Atherton, California (San Mateo); Cherry Hills Village, Colorado (Arapahoe); Scarsdale, New York (Westchester); Hillsborough, California (San Mateo); Short Hills, New Jersey (Essex); Old Greenwich, Connecticut (Fairfield); Los Altos Hills, California (Santa Clara); Bronxville, New York (Westchester); Darien, Connecticut (Fairfield); Winnetka, Illinois (Cook); Great Falls, Virginia (Fairfax); Glencoe, Illinois (Cook); Indian Hill, Ohio (Hamilton); Highland Park, Texas (Dallas); Piedmont, California (Alameda); West University Place, Texas (Harris); Greenville, New York (Westchester); Kentfield, California (Marin); Upper Saddle River, New Jersey (Bergen); Ladue, Missouri (St. Louis); Indian River Shores, Florida (Indian River); Westport, Connecticut (Fairfield); McLean, Virginia (Fairfax); Travilah, Maryland (Montgomery); Montecito, California (Santa Barbara); New Albany, Ohio (Franklin); University Park, Texas (Dallas); Paradise Valley, Arizona (Maricopa); Rye, New York (Westchester); Larchmont, New York (Westchester); Lake Forest, Illinois (Lake); Town and Country, Missouri (St. Louis); Inverness, Illinois (Cook); North Caldwell, New Jersey (Essex); Palm Beach, Florida (Palm Beach); Wolf Trap, Virginia (Fairfax); Los Altos, California (Santa Clara); Palos Verdes Estates, California (Los Angeles); Hinsdale, Illinois (Cook); Wellesley, Massachusetts (Norfolk); Franklin Lakes, New Jersey (Bergen); Southlake, Texas (Denton); Rumson, New Jersey (Monmouth); Potomac, Maryland (Montgomery); Riverside, California (Fairfield); Orinda, California (Contra Costa); Bellaire, Texas (Harris); Malibu, California (Los Angeles); Upper Montclair, New Jersey (Essex); Lawrence, New York (Nassau); Woodbury, New York (Nassau); Alamo, California (Contra Costa); Tiburon, California (Marin); Irvington, New York (Westchester); Long Grove, Illinois (Lake); Glen Ridge, New Jersey (Essex); Mill Valley, California (Marin); East Hills, New York (Nassau); Pepper Lake, Ohio (Cuyahoga); Chevy Chase, Maryland (Montgomery); Tenafly, New Jersey (Bergen); Darnestown, Maryland (Montgomery); Oak Brook, Illinois (Cook); La Cañada Flintridge, California (Los Angeles); Briarcliff Manor, New York (West Chester); Saratoga, California (Santa Clara); Ridgewood, New Jersey (Bergen); Leawood, Kansas (Johnson); Key Biscayne, Florida (Miami-Dade); Summit, New Jersey (Union); Manhattan Beach, California (Los Angeles); Chatham, New Jersey (Morris); Woodcliff Lake, New Jersey (Bergen); Blackhawk, California (Contra Costa); Bethesda, Maryland (Montgomery); Pelham, New York (Westchester); Colleyville, Texas (Tarrant); San Marino, California (Los Angeles); Bernardsville, New Jersey (Somerset); Coto de Caza, California (Orange); Hawthorn Woods, Illinois (Lake); Orono, Minnesota (Hennepin); Floris, Virginia (Fairfax); Pinecrest, Florida (Miami-Dade); Greenwich, Connecticut (Fairfiled); Lake Bluff, Illinois (Lake); Greenwood Village, Colorado (Arapahoe); Beverly Hills, California (Los Angeles); Harrison, New York (Westchester); Garden City, New York (Nassau); South Run, Virginia (Fairfax); Glen Rock, New Jersey (Bergen); Lexington, Massachusetts (Middlesex); Rye Brook, New York (Westchester); Wilmette, Illinois (Cook); Menlo Park, California (San Mateo); Palo Alto, California (Santa Clara); Cos Cob, Connecticut (Fairfield); Western Springs, Illinois (Cook); Fort Hunt, Virginia (Fairfax)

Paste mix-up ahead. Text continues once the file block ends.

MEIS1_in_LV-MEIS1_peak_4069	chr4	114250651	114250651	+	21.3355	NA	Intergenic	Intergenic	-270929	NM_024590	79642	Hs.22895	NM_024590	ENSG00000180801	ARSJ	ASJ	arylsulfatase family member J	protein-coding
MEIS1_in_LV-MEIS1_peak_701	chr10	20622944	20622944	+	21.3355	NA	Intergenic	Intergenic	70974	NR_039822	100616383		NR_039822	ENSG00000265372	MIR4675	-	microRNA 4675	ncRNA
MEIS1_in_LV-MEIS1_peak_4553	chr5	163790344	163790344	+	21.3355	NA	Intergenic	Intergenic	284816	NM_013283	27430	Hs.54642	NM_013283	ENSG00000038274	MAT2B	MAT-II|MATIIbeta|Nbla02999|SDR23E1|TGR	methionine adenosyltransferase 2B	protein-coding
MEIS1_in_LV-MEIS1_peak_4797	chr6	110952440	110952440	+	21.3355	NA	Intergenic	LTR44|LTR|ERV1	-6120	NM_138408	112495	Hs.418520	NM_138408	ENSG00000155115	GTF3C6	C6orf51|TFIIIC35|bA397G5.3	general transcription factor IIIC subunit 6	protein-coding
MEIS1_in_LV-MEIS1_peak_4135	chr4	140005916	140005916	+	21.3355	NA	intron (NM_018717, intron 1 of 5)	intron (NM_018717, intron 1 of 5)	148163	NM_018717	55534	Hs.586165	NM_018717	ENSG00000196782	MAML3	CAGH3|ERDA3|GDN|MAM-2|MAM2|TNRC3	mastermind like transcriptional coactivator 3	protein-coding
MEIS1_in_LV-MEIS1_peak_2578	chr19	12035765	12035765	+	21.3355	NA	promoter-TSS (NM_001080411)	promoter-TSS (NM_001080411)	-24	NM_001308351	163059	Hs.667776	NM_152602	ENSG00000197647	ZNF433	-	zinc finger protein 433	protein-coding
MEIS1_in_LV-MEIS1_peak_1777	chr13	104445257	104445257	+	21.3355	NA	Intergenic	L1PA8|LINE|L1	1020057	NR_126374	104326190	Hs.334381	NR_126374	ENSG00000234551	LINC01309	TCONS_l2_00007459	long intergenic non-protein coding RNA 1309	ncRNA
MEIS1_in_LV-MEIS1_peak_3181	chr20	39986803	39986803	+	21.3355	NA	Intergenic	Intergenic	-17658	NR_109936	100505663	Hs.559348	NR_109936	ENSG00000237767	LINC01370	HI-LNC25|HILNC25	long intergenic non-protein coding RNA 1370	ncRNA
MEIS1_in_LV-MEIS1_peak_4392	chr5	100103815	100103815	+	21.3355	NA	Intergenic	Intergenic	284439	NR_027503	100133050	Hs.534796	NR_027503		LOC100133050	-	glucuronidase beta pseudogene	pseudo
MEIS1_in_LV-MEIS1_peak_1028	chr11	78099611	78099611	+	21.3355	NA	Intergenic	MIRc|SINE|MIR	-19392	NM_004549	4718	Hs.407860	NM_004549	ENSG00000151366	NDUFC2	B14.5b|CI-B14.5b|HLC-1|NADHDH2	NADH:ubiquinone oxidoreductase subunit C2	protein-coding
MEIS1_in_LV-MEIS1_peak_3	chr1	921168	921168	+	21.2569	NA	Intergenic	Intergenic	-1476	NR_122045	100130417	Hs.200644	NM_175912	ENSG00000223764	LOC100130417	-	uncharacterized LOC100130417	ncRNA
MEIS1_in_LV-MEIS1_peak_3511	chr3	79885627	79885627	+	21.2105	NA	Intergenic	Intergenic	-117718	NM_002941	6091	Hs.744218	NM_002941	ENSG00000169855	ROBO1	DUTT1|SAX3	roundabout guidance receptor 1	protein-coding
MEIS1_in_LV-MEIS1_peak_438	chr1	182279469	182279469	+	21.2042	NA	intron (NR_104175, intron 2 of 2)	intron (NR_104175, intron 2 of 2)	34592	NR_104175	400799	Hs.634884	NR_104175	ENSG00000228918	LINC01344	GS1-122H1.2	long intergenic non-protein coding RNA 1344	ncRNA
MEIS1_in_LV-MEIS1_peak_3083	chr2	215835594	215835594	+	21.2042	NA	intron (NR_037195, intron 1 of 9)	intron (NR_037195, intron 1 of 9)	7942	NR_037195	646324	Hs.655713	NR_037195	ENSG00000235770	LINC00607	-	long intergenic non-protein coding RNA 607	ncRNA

King Garden Designs provides exquisite Garden Design, Planting, Care, Property Oversight and Estate Curation of exceptional gardens and properties. We are based in the Hudson Valley. Our unique hands-on approach, use of Native Plants, attention to detail and ongoing care create incredible results.